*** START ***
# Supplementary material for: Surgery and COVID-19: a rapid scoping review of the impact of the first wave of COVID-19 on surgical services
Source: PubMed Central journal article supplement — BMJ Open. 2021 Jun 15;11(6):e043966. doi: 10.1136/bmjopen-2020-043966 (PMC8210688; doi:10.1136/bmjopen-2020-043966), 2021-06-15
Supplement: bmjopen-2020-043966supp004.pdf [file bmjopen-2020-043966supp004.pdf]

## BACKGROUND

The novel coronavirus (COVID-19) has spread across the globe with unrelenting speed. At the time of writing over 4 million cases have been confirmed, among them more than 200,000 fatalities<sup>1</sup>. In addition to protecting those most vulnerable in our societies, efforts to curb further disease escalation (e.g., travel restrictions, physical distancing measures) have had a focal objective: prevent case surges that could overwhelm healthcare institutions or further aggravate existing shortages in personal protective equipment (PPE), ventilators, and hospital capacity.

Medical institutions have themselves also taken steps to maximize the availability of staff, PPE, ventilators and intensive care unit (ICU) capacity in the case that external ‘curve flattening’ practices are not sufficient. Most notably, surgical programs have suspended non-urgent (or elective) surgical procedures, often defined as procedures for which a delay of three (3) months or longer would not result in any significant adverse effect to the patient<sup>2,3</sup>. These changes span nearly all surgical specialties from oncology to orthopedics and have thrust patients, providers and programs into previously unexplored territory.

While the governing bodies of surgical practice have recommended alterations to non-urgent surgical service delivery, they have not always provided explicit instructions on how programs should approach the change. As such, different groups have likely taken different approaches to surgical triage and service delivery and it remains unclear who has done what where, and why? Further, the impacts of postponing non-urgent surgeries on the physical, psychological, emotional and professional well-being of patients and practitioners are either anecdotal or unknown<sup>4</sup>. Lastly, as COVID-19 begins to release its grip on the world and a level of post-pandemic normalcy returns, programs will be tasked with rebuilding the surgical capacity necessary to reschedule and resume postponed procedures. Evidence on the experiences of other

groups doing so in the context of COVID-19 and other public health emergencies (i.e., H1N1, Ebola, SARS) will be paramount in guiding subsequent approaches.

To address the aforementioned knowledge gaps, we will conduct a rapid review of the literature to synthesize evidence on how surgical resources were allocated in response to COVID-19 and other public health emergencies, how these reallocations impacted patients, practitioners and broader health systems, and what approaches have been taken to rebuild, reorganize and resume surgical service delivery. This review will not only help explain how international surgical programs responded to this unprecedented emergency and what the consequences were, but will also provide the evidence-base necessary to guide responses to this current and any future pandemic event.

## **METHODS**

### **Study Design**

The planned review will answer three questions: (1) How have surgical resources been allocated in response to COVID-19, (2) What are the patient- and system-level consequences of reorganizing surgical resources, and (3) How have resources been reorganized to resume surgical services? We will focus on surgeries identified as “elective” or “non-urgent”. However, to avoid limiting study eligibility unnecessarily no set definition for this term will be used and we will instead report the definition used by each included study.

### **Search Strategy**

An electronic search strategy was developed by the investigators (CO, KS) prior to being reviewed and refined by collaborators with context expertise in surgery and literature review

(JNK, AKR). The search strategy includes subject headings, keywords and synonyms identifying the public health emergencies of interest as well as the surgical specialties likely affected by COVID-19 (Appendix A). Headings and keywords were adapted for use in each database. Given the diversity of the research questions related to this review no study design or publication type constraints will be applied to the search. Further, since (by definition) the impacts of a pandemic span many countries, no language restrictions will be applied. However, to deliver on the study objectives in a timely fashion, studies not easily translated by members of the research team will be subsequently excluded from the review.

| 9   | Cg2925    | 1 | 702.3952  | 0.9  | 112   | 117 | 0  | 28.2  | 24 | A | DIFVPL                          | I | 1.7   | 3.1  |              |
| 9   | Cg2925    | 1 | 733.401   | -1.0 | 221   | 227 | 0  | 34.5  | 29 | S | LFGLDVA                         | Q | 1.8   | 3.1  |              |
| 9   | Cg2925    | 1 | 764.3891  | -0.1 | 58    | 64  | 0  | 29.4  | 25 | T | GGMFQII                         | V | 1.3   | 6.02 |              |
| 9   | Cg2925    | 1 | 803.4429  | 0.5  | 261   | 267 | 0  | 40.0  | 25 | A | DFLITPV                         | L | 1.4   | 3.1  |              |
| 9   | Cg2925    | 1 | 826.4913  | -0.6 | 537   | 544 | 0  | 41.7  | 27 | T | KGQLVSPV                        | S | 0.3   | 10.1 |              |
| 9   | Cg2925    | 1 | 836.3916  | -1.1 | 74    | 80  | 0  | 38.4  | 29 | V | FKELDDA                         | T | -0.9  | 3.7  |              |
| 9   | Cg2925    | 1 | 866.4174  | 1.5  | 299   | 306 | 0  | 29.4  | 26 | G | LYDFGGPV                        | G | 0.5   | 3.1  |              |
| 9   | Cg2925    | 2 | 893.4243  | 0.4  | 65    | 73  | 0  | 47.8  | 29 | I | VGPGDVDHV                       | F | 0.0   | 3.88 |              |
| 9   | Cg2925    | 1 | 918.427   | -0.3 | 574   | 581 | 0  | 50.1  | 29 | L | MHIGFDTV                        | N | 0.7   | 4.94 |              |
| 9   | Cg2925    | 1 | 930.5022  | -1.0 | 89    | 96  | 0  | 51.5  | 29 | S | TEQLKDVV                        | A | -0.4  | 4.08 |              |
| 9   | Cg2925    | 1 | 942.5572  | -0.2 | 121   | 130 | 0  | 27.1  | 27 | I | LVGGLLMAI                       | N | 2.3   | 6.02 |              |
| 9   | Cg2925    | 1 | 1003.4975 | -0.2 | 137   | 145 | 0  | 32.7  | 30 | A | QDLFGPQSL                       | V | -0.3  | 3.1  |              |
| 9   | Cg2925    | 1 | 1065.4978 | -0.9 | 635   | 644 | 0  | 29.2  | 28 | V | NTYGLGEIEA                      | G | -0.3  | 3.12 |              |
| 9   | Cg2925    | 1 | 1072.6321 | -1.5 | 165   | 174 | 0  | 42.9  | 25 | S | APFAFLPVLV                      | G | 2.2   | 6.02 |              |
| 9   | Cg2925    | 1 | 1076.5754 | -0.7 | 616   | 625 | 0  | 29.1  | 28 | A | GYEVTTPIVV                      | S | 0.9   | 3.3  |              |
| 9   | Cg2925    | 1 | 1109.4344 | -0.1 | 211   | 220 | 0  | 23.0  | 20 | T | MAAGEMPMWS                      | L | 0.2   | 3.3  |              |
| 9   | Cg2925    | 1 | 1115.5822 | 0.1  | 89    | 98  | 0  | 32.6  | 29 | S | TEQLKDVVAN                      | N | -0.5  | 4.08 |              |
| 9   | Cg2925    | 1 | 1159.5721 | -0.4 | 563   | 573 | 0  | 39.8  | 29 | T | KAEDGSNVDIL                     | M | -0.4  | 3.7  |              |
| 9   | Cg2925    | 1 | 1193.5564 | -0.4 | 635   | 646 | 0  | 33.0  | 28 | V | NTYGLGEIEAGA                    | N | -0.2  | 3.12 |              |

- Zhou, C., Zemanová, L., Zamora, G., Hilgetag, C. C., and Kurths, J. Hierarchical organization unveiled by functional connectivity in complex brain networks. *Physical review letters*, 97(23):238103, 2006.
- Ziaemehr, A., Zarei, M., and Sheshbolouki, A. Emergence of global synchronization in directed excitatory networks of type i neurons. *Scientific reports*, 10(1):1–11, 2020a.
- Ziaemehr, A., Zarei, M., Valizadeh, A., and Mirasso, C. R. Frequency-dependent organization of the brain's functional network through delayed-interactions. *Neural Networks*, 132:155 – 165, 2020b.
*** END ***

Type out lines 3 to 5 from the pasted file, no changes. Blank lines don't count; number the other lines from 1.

Supplement: bmjopen-2020-043966supp004.pdf [file bmjopen-2020-043966supp004.pdf]

## BACKGROUND

The novel coronavirus (COVID-19) has spread across the globe with unrelenting speed. At the time of writing over 4 million cases have been confirmed, among them more than 200,000 fatalities<sup>1</sup>. In addition to protecting those most vulnerable in our societies, efforts to curb further disease escalation (e.g., travel restrictions, physical distancing measures) have had a focal objective: prevent case surges that could overwhelm healthcare institutions or further aggravate existing shortages in personal protective equipment (PPE), ventilators, and hospital capacity.